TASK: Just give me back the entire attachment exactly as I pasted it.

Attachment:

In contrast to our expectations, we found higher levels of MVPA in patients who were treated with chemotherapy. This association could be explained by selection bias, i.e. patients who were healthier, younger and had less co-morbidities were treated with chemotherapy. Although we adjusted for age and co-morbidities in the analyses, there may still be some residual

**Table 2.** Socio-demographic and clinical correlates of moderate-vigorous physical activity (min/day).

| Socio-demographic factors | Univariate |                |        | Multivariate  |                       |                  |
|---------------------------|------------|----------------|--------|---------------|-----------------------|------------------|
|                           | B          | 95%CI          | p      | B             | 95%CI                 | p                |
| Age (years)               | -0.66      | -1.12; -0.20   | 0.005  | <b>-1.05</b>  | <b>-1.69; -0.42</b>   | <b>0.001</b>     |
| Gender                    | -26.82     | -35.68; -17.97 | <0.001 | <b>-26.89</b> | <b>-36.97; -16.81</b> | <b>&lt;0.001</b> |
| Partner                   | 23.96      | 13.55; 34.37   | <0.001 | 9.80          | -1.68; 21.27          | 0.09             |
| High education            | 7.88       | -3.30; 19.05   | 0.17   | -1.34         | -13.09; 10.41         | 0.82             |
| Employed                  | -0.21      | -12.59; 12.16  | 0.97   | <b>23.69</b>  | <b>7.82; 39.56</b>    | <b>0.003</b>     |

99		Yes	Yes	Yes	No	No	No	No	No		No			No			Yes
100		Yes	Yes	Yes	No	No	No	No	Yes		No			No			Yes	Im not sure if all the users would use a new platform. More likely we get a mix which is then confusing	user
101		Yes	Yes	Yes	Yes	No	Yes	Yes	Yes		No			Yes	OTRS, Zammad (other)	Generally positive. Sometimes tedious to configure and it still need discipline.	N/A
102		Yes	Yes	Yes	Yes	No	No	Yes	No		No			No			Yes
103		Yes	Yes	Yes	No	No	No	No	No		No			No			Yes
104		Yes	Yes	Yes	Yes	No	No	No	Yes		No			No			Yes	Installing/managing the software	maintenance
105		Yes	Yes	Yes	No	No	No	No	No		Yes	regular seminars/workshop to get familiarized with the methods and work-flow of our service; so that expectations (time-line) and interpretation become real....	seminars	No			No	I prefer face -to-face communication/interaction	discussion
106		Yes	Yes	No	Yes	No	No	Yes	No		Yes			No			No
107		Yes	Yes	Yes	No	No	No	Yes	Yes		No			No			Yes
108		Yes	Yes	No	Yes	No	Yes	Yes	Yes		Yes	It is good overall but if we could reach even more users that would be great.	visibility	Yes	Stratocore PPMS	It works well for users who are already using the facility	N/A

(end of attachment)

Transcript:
In contrast to our expectations, we found higher levels of MVPA in patients who were treated with chemotherapy. This association could be explained by selection bias, i.e. patients who were healthier, younger and had less co-morbidities were treated with chemotherapy. Although we adjusted for age and co-morbidities in the analyses, there may still be some residual

**Table 2.** Socio-demographic and clinical correlates of moderate-vigorous physical activity (min/day).

| Socio-demographic factors | Univariate |                |        | Multivariate  |                       |                  |
|---------------------------|------------|----------------|--------|---------------|-----------------------|------------------|
|                           | B          | 95%CI          | p      | B             | 95%CI                 | p                |
| Age (years)               | -0.66      | -1.12; -0.20   | 0.005  | <b>-1.05</b>  | <b>-1.69; -0.42</b>   | <b>0.001</b>     |
| Gender                    | -26.82     | -35.68; -17.97 | <0.001 | <b>-26.89</b> | <b>-36.97; -16.81</b> | <b>&lt;0.001</b> |
| Partner                   | 23.96      | 13.55; 34.37   | <0.001 | 9.80          | -1.68; 21.27          | 0.09             |
| High education            | 7.88       | -3.30; 19.05   | 0.17   | -1.34         | -13.09; 10.41         | 0.82             |
| Employed                  | -0.21      | -12.59; 12.16  | 0.97   | <b>23.69</b>  | <b>7.82; 39.56</b>    | <b>0.003</b>     |

99		Yes	Yes	Yes	No	No	No	No	No		No			No			Yes
100		Yes	Yes	Yes	No	No	No	No	Yes		No			No			Yes	Im not sure if all the users would use a new platform. More likely we get a mix which is then confusing	user
101		Yes	Yes	Yes	Yes	No	Yes	Yes	Yes		No			Yes	OTRS, Zammad (other)	Generally positive. Sometimes tedious to configure and it still need discipline.	N/A
102		Yes	Yes	Yes	Yes	No	No	Yes	No		No			No			Yes
103		Yes	Yes	Yes	No	No	No	No	No		No			No			Yes
104		Yes	Yes	Yes	Yes	No	No	No	Yes		No			No			Yes	Installing/managing the software	maintenance
105		Yes	Yes	Yes	No	No	No	No	No		Yes	regular seminars/workshop to get familiarized with the methods and work-flow of our service; so that expectations (time-line) and interpretation become real....	seminars	No			No	I prefer face -to-face communication/interaction	discussion
106		Yes	Yes	No	Yes	No	No	Yes	No		Yes			No			No
107		Yes	Yes	Yes	No	No	No	Yes	Yes		No			No			Yes
108		Yes	Yes	No	Yes	No	Yes	Yes	Yes		Yes	It is good overall but if we could reach even more users that would be great.	visibility	Yes	Stratocore PPMS	It works well for users who are already using the facility	N/A